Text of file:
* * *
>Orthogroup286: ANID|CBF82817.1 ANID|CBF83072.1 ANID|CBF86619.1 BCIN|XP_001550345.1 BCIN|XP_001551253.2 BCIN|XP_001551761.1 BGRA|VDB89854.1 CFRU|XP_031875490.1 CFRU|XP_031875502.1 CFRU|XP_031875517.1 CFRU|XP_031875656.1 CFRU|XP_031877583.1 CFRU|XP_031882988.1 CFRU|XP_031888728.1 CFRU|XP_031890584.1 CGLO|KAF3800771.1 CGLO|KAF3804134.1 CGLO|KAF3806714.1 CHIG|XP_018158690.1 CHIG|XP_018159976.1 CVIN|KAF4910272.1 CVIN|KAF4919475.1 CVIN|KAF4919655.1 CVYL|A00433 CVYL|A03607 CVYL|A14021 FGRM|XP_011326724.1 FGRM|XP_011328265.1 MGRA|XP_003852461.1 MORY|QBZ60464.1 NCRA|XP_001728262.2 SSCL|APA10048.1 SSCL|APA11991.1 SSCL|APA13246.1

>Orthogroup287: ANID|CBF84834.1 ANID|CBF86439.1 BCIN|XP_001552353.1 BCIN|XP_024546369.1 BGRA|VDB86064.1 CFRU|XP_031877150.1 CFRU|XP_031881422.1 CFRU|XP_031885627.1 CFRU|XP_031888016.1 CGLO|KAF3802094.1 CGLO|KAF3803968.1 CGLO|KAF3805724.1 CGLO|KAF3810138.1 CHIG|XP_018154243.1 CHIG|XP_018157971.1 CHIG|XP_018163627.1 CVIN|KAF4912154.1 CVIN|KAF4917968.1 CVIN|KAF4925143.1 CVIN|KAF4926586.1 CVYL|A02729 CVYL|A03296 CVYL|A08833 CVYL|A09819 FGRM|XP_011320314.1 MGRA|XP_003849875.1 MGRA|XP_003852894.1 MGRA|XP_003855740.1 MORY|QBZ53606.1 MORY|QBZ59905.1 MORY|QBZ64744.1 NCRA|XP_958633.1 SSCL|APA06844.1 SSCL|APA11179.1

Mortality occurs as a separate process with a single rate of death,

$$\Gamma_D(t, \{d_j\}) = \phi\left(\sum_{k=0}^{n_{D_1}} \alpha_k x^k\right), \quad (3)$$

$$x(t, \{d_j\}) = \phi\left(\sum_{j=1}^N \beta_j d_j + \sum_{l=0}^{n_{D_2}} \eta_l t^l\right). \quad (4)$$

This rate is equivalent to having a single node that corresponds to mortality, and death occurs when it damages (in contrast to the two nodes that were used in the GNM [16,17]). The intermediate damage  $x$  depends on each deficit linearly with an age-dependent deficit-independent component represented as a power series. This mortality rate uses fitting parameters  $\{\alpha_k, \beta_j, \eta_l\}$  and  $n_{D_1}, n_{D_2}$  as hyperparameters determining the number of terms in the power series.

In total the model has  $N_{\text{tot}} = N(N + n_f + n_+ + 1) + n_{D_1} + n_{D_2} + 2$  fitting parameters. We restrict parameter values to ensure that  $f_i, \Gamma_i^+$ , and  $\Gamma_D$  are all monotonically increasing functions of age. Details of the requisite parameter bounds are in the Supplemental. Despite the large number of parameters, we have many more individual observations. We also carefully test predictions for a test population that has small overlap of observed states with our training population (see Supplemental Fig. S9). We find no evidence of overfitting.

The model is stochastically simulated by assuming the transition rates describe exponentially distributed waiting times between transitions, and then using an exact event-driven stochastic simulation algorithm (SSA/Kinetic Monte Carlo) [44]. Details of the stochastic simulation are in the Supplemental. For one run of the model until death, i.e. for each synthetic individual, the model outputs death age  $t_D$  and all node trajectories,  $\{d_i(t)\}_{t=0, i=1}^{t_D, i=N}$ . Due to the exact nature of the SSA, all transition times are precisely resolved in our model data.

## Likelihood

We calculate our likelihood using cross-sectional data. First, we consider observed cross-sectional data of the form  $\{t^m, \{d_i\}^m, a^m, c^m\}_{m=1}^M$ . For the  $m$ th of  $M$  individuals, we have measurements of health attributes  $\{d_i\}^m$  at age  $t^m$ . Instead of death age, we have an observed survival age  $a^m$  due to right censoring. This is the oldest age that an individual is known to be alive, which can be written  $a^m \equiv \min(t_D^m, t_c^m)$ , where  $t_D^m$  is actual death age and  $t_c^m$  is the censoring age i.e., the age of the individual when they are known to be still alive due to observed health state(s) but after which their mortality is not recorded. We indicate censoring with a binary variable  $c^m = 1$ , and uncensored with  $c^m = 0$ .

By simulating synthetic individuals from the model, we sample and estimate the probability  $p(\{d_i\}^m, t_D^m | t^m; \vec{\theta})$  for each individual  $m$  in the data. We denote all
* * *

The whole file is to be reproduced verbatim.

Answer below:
>Orthogroup286: ANID|CBF82817.1 ANID|CBF83072.1 ANID|CBF86619.1 BCIN|XP_001550345.1 BCIN|XP_001551253.2 BCIN|XP_001551761.1 BGRA|VDB89854.1 CFRU|XP_031875490.1 CFRU|XP_031875502.1 CFRU|XP_031875517.1 CFRU|XP_031875656.1 CFRU|XP_031877583.1 CFRU|XP_031882988.1 CFRU|XP_031888728.1 CFRU|XP_031890584.1 CGLO|KAF3800771.1 CGLO|KAF3804134.1 CGLO|KAF3806714.1 CHIG|XP_018158690.1 CHIG|XP_018159976.1 CVIN|KAF4910272.1 CVIN|KAF4919475.1 CVIN|KAF4919655.1 CVYL|A00433 CVYL|A03607 CVYL|A14021 FGRM|XP_011326724.1 FGRM|XP_011328265.1 MGRA|XP_003852461.1 MORY|QBZ60464.1 NCRA|XP_001728262.2 SSCL|APA10048.1 SSCL|APA11991.1 SSCL|APA13246.1

>Orthogroup287: ANID|CBF84834.1 ANID|CBF86439.1 BCIN|XP_001552353.1 BCIN|XP_024546369.1 BGRA|VDB86064.1 CFRU|XP_031877150.1 CFRU|XP_031881422.1 CFRU|XP_031885627.1 CFRU|XP_031888016.1 CGLO|KAF3802094.1 CGLO|KAF3803968.1 CGLO|KAF3805724.1 CGLO|KAF3810138.1 CHIG|XP_018154243.1 CHIG|XP_018157971.1 CHIG|XP_018163627.1 CVIN|KAF4912154.1 CVIN|KAF4917968.1 CVIN|KAF4925143.1 CVIN|KAF4926586.1 CVYL|A02729 CVYL|A03296 CVYL|A08833 CVYL|A09819 FGRM|XP_011320314.1 MGRA|XP_003849875.1 MGRA|XP_003852894.1 MGRA|XP_003855740.1 MORY|QBZ53606.1 MORY|QBZ59905.1 MORY|QBZ64744.1 NCRA|XP_958633.1 SSCL|APA06844.1 SSCL|APA11179.1

Mortality occurs as a separate process with a single rate of death,

$$\Gamma_D(t, \{d_j\}) = \phi\left(\sum_{k=0}^{n_{D_1}} \alpha_k x^k\right), \quad (3)$$

$$x(t, \{d_j\}) = \phi\left(\sum_{j=1}^N \beta_j d_j + \sum_{l=0}^{n_{D_2}} \eta_l t^l\right). \quad (4)$$

This rate is equivalent to having a single node that corresponds to mortality, and death occurs when it damages (in contrast to the two nodes that were used in the GNM [16,17]). The intermediate damage  $x$  depends on each deficit linearly with an age-dependent deficit-independent component represented as a power series. This mortality rate uses fitting parameters  $\{\alpha_k, \beta_j, \eta_l\}$  and  $n_{D_1}, n_{D_2}$  as hyperparameters determining the number of terms in the power series.

In total the model has  $N_{\text{tot}} = N(N + n_f + n_+ + 1) + n_{D_1} + n_{D_2} + 2$  fitting parameters. We restrict parameter values to ensure that  $f_i, \Gamma_i^+$ , and  $\Gamma_D$  are all monotonically increasing functions of age. Details of the requisite parameter bounds are in the Supplemental. Despite the large number of parameters, we have many more individual observations. We also carefully test predictions for a test population that has small overlap of observed states with our training population (see Supplemental Fig. S9). We find no evidence of overfitting.

The model is stochastically simulated by assuming the transition rates describe exponentially distributed waiting times between transitions, and then using an exact event-driven stochastic simulation algorithm (SSA/Kinetic Monte Carlo) [44]. Details of the stochastic simulation are in the Supplemental. For one run of the model until death, i.e. for each synthetic individual, the model outputs death age  $t_D$  and all node trajectories,  $\{d_i(t)\}_{t=0, i=1}^{t_D, i=N}$ . Due to the exact nature of the SSA, all transition times are precisely resolved in our model data.

## Likelihood

We calculate our likelihood using cross-sectional data. First, we consider observed cross-sectional data of the form  $\{t^m, \{d_i\}^m, a^m, c^m\}_{m=1}^M$ . For the  $m$ th of  $M$  individuals, we have measurements of health attributes  $\{d_i\}^m$  at age  $t^m$ . Instead of death age, we have an observed survival age  $a^m$  due to right censoring. This is the oldest age that an individual is known to be alive, which can be written  $a^m \equiv \min(t_D^m, t_c^m)$ , where  $t_D^m$  is actual death age and  $t_c^m$  is the censoring age i.e., the age of the individual when they are known to be still alive due to observed health state(s) but after which their mortality is not recorded. We indicate censoring with a binary variable  $c^m = 1$ , and uncensored with  $c^m = 0$ .

By simulating synthetic individuals from the model, we sample and estimate the probability  $p(\{d_i\}^m, t_D^m | t^m; \vec{\theta})$  for each individual  $m$  in the data. We denote all